What are macros and why is it important to know about them if you want to get fit in 2021? At the end of the day, energy expenditure is measured in calories and not macros. Common sense would dictate that counting calories and cutting back on them is a good enough strategy to lose weight. Unfortunately, things are not this simple when it comes to long term weight loss.
As the saying goes, a calorie is not always a calorie, meaning that energy sourced from a broccoli will fuel your body differently than a calorie from a donut. You could go on a 1,000-calorie donut diet and lose weight, but you would also wreck your body in the process. However, sourcing calories from the right macros can help losing weight and keep it off on the long run.
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What are macros? 'Macros' is short for macronutrients of which there are three: carbohydrates, protein and fat (or lipids). Considering you have a standard metabolism, you need all three of these macronutrients for your body to function properly, as well as micronutrients such as vitamins and minerals. Most healthy sources of macronutrients also tend to contain ample amount of micronutrients too.
The standard 'western diet' tends to include lots of saturated ('bad') fats and high amounts of carbohydrates (mainly sugars). It is also heavy on processed foods. According to a 2017 study called "The Impact of Western Diet and Nutrients on the Microbiota and Immune Response at Mucosal Interfaces", this type of diet "represent a growing health risk contributing to the increased occurrence of metabolic diseases, e.g., diabetes and obesity in countries adapting a westernized lifestyle."
All macronutrients are important but as you can see from the above example, proteins are generally underrepresented in the Western diet. Proteins contain the same amount of calories as carbohydrates (4 calories per gram) but unlike carbs and fats, "there is no protein storage for future needs", according to Wikipedia.
This makes calories sourced from proteins more ideal for weight loss, not to mention proteins are also essential for muscle building and regeneration. You should cover your protein needs from a variety of sources, including lean meat, vegetables (e.g. edamame beans, lentils, chickpeas etc), nuts, fish and eggs.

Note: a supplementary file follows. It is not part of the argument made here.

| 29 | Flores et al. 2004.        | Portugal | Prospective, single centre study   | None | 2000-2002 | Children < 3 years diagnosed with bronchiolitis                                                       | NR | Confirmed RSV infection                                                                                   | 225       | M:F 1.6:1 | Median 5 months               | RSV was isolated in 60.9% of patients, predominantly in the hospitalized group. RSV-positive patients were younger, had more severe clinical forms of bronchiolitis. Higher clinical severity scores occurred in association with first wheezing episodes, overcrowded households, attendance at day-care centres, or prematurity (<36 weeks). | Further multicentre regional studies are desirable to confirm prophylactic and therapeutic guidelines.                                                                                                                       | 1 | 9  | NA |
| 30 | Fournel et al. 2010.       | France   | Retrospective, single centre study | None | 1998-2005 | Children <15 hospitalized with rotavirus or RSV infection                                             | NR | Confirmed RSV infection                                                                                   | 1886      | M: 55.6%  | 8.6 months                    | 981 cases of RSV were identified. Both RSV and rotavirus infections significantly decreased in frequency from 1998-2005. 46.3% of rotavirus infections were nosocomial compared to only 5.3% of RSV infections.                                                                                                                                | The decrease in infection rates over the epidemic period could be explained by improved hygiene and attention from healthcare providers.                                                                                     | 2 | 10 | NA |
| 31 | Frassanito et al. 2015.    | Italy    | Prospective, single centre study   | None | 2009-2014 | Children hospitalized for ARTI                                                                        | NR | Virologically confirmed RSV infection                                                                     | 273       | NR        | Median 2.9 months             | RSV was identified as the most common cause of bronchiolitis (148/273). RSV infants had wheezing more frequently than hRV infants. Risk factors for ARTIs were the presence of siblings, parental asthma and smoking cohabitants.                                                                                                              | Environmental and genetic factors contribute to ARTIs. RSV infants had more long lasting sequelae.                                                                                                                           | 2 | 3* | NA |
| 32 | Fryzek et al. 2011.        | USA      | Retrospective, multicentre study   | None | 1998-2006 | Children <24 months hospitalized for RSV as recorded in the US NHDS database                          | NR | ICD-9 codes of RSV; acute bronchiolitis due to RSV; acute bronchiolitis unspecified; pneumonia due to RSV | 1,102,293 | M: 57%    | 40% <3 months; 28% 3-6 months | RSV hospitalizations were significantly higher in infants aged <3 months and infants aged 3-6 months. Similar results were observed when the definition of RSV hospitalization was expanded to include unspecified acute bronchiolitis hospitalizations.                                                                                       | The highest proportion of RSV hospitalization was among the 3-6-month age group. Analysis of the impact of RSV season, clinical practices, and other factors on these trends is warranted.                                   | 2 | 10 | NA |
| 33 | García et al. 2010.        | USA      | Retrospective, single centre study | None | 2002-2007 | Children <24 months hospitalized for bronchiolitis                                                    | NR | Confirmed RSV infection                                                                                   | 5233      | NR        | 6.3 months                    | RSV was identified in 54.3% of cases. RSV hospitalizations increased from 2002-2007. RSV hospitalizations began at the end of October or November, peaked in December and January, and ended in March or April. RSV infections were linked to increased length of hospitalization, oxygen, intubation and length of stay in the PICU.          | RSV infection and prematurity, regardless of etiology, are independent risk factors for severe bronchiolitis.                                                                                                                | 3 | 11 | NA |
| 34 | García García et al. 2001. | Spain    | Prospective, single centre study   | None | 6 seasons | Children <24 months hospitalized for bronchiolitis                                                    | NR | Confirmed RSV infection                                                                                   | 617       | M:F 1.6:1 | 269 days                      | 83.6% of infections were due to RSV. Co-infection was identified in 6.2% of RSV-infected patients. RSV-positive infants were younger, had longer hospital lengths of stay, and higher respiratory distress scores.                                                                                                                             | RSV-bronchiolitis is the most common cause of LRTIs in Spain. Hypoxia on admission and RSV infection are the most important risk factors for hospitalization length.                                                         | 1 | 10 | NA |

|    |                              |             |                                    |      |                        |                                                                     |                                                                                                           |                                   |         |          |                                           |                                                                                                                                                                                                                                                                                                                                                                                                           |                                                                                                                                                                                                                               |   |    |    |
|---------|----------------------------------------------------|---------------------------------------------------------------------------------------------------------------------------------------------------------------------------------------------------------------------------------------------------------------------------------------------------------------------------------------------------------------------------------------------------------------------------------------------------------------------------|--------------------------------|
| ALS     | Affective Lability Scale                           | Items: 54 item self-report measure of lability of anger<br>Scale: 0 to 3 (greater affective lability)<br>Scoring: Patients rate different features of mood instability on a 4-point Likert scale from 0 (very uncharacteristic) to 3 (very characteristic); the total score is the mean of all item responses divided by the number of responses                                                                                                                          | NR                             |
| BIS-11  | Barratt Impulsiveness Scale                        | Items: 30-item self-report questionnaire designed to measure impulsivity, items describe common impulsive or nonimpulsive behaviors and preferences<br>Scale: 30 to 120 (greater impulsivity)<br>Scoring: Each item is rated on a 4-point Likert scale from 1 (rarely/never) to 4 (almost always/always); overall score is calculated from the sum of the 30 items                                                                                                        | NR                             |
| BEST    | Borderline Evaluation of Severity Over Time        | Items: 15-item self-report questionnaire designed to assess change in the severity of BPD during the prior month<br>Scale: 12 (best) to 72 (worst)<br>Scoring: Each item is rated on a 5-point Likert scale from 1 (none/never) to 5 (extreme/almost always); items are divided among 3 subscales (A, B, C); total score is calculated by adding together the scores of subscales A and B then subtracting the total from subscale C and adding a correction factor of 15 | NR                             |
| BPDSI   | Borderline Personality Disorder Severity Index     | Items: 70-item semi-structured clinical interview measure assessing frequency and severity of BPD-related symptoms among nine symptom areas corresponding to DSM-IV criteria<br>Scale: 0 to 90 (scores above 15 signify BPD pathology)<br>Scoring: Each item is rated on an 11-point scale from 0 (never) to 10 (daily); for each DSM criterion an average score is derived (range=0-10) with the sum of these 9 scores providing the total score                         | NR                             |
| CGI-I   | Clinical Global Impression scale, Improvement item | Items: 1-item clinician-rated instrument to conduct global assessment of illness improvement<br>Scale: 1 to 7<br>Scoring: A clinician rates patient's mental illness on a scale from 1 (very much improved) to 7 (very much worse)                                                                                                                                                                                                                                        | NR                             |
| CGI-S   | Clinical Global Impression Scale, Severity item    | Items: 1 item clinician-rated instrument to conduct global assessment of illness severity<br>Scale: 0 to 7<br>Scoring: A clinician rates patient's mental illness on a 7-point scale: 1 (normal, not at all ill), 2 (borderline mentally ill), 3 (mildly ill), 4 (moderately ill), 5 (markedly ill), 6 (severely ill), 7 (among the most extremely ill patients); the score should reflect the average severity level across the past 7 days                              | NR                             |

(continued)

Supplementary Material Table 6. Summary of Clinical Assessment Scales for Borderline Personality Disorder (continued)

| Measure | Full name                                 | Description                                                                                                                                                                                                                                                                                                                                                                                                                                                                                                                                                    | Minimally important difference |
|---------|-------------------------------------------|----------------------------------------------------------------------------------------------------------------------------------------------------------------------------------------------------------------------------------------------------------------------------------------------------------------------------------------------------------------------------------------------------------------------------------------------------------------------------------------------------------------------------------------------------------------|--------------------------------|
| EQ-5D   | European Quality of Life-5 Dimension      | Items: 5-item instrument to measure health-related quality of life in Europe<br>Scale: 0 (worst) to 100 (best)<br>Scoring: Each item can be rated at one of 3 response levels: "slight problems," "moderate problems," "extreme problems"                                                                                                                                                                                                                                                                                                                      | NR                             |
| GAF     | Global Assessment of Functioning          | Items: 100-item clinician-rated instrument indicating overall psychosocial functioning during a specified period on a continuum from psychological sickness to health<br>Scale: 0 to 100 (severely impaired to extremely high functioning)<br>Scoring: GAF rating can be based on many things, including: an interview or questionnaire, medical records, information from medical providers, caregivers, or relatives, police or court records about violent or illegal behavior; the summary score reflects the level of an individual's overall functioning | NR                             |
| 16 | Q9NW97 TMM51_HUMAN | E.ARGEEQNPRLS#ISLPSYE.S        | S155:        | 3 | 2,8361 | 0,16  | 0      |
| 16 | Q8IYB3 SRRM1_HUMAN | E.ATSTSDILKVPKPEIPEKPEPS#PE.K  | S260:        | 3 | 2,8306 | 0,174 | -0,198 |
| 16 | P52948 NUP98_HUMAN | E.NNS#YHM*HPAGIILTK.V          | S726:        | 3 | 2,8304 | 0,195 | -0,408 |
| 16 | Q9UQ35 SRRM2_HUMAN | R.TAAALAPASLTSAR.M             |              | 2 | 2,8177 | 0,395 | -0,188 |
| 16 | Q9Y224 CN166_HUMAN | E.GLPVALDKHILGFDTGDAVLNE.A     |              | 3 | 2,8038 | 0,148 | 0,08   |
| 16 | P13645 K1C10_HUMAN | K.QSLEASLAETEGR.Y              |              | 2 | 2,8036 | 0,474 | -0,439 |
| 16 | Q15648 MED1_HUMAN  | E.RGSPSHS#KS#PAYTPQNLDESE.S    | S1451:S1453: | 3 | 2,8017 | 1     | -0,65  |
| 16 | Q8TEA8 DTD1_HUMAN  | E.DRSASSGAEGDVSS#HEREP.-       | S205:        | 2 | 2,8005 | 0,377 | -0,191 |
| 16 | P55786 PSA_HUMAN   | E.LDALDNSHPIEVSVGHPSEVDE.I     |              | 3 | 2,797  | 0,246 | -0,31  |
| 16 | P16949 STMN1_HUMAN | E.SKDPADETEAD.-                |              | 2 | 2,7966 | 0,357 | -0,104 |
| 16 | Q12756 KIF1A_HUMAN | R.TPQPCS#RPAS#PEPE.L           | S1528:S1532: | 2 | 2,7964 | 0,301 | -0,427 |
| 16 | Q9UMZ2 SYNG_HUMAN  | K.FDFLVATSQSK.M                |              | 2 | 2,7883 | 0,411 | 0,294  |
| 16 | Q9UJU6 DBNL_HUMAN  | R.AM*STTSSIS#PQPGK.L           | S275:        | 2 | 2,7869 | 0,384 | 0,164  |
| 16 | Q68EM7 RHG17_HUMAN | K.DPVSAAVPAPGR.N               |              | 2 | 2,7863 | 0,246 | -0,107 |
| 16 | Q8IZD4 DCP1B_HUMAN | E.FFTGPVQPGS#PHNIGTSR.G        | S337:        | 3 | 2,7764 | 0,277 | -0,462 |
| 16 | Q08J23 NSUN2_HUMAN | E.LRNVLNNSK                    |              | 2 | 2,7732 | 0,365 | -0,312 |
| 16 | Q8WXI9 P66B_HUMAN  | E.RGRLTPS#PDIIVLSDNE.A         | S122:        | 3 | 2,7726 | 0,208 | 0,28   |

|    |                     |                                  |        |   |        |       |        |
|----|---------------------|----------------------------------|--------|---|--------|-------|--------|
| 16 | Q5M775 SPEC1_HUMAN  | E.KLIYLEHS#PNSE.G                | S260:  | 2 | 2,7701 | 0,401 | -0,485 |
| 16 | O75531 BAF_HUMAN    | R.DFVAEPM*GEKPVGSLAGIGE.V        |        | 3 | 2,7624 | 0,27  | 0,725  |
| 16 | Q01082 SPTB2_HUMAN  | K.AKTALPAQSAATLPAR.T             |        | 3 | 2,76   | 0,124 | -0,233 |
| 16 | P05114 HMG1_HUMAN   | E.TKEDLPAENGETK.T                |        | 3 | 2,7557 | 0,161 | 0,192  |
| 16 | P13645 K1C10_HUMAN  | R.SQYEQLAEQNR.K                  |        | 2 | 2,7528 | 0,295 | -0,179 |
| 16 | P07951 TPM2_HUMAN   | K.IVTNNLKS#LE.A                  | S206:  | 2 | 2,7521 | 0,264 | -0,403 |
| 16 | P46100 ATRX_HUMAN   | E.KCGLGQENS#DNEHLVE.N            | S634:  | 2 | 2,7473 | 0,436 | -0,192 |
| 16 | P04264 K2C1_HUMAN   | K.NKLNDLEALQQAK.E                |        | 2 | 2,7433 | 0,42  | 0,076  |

Fats are also often misunderstood. Dietary fats are not equal to fat stored in your body and eating fat will not automatically make you obese either. Fats are complicated but in essence, you want to avoid saturated fats found in the likes of butter, fatty meat, bacon, cheese, cream and spreads and eat more unsaturated fats.
There are two categories of unsaturated fats: mono- and polyunsaturated fats, both are considered 'good' type of fat. The former can be sourced from olive, certain types of nuts, avocados and some seeds (e'g' pumpkin seeds) while the latter can be found in flax seed, walnuts, fatty fish and canola oil. It is worth mentioning that fat is the most energy dense macronutrient – there are 9 calories in a gram of fat – so be careful when snacking on nuts. 30 grams of walnut contains over 200 calories.
And last but least there is the often misunderstood carbohydrates. Our bodies prefer carbs as the main source of energy but eating lots of carbs – even if they aren't sugars – can spike insulin levels in the blood which on the long run even can cause Type 2 diabetes. Excess carbs can also be stored in our body in the form of glycogen.
This doesn't mean you need to shun carbs from your diet to be healthy and lose weight. Not only there are healthy sources of carbohydrates such as whole grains, vegetables, fruits and beans, but eating carbs in moderation before or after exercising can help you build muscle and recover faster.
This is part of T3's Fit for 2021 programme, which will be running throughout January. We aim to bring you tips on diet, lifestyle and exercise that will help you shape up for what is certain to be a difficult year. One thing we can guarantee: it WILL be better than last year. And hopefully we'll help you get the most out of it.